MICHAEL ROGERS OLDFIELD THOMAS, who died in tragic circumstances on June 16 last at the age of seventy-one years, was from boy hood devoted to the study of natural history. In 1876, at the age of eighteen, he was appointed to a clerical post in the British Museum. During the two succeeding years he devoted his leisure to biological studies under Huxley at the Royal College of Science and soon proved himself to be an alert observer with most capable hands. His beautiful dissections, and the ease and speed with which he made them, soon won the admiration of his teachers; and their reports persuaded Dr. Günther, the Keeper of Zoology, to arrange for the transfer of Thomas from the clerical to the scientific staff of the Museum. Thomas used to tell an amusing story of that transfer. For some months he was aware that it was going to take place; and rumour told him that he would work in future at echinoderms. Accordingly he took up the study of echinoderms with enthusiasm. At last the great day dawned. Dr. Günther sent for him and said: “Thomas, you will do the mammals.” Poor Thomas murmured something about echinoderms, but the autocrat thundered: “You will do the mammals.” Visions of countless sheep and cattle rushed into the lad's mind and, as Thomas put it, he hated those animals from a systematic point of view for ever more.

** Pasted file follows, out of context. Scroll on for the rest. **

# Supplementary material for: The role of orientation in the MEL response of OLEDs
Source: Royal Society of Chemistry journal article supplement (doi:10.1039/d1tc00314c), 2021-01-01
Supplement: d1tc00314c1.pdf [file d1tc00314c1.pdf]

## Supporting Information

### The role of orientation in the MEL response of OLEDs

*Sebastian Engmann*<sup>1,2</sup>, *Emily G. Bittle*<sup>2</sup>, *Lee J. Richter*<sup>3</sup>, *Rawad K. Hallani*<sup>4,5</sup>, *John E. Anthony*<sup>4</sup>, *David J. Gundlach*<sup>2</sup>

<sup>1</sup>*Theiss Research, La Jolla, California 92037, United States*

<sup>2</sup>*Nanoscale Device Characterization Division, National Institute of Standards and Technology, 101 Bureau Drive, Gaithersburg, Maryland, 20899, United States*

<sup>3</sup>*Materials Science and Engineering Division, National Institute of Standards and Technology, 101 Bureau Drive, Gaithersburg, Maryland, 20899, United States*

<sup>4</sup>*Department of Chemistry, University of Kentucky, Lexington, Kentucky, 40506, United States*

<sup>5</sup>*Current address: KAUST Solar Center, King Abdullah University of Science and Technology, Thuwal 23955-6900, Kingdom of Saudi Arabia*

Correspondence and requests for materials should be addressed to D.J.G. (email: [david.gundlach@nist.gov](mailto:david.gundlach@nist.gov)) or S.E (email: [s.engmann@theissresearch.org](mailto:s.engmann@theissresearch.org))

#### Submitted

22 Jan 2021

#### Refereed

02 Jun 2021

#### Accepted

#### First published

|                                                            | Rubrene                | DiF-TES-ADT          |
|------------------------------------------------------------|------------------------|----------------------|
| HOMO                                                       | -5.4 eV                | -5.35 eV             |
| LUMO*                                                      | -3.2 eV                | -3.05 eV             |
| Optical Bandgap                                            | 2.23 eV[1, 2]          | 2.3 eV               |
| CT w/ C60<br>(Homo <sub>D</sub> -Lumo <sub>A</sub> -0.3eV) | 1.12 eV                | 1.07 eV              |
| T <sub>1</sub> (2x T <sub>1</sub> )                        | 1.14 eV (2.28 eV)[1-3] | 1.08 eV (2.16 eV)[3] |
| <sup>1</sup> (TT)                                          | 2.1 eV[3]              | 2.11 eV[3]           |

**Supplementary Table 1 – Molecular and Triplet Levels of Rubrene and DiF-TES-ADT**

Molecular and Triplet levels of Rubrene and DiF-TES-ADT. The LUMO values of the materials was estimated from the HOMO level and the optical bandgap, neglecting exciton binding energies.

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H., M. MR. M. R. Oldfield Thomas, F.R.S.. Nature 124, 101–102 (1929). https://doi.org/10.1038/124101a0